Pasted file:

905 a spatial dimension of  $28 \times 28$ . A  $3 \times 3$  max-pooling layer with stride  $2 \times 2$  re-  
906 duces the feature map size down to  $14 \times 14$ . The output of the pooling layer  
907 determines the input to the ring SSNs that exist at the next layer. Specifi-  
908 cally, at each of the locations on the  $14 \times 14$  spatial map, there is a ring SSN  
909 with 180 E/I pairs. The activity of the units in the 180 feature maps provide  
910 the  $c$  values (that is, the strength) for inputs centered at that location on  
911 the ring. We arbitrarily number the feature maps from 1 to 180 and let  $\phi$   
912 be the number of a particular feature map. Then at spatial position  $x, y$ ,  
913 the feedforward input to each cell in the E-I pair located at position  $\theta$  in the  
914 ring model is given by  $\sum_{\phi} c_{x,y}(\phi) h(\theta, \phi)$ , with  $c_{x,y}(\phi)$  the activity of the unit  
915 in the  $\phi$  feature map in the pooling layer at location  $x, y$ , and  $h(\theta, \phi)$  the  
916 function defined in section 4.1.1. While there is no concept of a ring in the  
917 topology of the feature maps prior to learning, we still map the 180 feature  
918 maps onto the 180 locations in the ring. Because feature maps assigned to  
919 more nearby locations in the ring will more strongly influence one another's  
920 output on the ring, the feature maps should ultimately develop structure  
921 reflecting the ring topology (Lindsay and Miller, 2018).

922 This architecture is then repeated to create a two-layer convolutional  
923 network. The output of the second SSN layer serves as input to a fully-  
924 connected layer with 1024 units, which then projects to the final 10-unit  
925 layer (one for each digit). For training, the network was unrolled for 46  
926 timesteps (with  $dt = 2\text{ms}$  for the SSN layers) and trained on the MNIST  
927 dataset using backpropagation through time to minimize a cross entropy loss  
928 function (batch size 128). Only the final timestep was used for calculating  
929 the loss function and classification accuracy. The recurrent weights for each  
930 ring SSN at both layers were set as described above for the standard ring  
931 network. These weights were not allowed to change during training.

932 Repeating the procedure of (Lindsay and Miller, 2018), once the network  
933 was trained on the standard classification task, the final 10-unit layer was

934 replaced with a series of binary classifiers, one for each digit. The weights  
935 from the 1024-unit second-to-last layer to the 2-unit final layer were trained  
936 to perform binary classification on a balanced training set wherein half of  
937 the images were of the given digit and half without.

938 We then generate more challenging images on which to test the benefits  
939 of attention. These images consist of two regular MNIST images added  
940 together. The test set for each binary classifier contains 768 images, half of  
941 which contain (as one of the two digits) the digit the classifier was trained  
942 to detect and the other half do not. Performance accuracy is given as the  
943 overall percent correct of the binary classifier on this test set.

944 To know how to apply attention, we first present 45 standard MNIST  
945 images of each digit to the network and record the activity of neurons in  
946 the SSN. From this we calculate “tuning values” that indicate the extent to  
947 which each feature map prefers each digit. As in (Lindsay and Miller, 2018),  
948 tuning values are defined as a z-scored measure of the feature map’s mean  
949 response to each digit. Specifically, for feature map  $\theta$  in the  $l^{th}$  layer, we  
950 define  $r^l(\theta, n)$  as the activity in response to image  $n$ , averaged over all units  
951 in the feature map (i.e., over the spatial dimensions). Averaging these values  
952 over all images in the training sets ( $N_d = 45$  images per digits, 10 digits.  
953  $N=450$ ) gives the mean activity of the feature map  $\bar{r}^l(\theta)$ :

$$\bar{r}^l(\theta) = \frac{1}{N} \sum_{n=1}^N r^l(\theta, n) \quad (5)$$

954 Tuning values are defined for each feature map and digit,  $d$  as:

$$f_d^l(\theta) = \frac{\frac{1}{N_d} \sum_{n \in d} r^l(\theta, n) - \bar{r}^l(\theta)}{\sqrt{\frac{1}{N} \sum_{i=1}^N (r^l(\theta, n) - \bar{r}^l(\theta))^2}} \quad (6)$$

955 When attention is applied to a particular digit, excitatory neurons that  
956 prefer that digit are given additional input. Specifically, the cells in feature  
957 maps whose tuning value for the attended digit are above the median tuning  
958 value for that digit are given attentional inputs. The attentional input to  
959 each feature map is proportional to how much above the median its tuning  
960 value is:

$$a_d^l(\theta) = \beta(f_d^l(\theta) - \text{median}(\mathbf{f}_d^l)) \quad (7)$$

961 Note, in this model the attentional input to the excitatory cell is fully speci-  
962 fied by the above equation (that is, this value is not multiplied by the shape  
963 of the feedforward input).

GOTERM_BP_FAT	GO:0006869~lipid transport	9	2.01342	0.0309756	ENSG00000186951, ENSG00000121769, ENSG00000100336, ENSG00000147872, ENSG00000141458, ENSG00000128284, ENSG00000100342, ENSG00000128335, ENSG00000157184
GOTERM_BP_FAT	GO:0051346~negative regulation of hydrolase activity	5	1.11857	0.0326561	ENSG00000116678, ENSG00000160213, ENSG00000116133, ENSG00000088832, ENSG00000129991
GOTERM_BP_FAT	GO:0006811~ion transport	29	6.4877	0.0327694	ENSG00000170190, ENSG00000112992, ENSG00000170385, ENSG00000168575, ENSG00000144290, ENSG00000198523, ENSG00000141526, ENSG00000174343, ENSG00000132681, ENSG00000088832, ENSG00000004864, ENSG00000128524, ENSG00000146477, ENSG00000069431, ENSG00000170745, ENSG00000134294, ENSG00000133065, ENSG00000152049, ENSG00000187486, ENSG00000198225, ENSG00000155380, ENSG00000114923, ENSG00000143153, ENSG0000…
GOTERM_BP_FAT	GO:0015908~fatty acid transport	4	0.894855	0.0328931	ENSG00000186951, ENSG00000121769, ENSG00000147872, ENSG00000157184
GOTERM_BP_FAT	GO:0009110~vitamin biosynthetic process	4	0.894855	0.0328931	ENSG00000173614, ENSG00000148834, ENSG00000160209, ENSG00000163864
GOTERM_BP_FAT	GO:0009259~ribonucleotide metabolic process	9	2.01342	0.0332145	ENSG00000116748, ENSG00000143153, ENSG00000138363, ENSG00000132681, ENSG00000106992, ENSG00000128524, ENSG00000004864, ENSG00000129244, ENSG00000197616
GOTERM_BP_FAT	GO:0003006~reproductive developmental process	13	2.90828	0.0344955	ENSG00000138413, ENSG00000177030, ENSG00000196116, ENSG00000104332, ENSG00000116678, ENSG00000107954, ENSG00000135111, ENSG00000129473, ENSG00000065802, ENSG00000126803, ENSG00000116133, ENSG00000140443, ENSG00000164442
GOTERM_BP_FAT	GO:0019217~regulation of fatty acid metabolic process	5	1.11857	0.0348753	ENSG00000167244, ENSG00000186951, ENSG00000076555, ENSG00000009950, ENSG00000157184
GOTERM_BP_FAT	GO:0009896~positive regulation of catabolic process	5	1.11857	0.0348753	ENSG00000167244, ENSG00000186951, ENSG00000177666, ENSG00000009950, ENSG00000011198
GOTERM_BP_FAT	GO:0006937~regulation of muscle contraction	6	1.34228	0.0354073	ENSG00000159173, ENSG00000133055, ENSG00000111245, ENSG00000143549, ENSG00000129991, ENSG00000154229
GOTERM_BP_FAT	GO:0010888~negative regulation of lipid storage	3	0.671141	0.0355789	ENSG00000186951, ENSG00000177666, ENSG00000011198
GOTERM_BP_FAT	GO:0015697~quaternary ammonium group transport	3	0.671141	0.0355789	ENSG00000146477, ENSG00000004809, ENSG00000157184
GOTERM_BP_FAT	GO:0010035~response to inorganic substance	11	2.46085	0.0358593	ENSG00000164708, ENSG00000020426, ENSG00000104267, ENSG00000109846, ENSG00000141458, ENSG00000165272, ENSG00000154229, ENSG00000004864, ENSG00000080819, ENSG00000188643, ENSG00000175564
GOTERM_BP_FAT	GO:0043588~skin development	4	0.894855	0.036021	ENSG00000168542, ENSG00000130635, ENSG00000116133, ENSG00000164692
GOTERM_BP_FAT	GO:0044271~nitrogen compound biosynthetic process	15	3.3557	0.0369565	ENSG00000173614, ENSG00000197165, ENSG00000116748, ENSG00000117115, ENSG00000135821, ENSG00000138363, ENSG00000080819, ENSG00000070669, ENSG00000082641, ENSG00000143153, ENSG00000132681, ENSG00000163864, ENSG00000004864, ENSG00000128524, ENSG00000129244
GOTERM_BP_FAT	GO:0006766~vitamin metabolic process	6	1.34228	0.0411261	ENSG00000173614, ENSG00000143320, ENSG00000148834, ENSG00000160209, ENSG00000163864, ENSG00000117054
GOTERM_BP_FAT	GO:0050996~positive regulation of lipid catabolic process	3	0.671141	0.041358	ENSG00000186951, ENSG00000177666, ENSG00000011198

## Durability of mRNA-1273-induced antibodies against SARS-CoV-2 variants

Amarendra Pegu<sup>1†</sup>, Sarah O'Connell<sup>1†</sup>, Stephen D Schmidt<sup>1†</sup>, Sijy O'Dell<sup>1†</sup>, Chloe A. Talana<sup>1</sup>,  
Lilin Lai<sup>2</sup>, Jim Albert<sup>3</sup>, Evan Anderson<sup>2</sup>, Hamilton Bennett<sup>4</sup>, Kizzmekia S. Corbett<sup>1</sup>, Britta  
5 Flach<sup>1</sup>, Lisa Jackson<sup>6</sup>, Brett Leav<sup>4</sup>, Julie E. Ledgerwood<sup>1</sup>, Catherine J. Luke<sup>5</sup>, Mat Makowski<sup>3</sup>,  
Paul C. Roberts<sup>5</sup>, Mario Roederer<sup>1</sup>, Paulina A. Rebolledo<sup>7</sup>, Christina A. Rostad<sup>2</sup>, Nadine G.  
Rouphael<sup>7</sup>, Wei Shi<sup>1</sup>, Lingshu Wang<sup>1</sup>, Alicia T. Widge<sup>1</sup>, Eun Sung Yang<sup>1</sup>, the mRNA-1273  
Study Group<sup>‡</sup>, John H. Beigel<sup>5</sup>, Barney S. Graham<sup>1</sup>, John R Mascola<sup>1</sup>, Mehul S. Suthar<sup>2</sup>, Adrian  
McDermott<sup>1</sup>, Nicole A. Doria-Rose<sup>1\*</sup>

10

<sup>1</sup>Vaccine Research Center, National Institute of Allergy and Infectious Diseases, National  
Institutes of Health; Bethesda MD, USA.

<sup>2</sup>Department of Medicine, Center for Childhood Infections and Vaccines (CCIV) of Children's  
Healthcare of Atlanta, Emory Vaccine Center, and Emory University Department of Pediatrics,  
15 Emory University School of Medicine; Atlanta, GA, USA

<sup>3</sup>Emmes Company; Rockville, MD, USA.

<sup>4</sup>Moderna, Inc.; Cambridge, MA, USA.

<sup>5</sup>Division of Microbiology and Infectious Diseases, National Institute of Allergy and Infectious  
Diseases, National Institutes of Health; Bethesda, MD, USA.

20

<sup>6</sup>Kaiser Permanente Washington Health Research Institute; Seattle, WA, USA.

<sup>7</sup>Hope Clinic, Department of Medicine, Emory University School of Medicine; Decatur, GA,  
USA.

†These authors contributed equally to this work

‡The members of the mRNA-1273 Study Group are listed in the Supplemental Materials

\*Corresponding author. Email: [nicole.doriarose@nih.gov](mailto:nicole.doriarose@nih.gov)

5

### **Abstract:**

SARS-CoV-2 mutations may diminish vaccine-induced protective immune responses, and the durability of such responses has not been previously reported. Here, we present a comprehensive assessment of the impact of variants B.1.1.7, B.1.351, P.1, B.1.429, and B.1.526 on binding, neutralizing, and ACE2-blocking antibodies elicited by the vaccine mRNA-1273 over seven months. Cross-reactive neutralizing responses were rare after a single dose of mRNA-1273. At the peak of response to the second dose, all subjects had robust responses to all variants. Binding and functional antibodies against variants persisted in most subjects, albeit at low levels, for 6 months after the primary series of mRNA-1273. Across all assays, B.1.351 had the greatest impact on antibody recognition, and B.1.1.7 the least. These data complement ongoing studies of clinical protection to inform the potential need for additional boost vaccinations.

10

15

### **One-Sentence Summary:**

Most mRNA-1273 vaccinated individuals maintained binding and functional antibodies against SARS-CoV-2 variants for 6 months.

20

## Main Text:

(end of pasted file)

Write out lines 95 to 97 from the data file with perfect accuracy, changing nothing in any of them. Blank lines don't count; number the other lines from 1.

<sup>4</sup>Moderna, Inc.; Cambridge, MA, USA.

<sup>5</sup>Division of Microbiology and Infectious Diseases, National Institute of Allergy and Infectious  
Diseases, National Institutes of Health; Bethesda, MD, USA.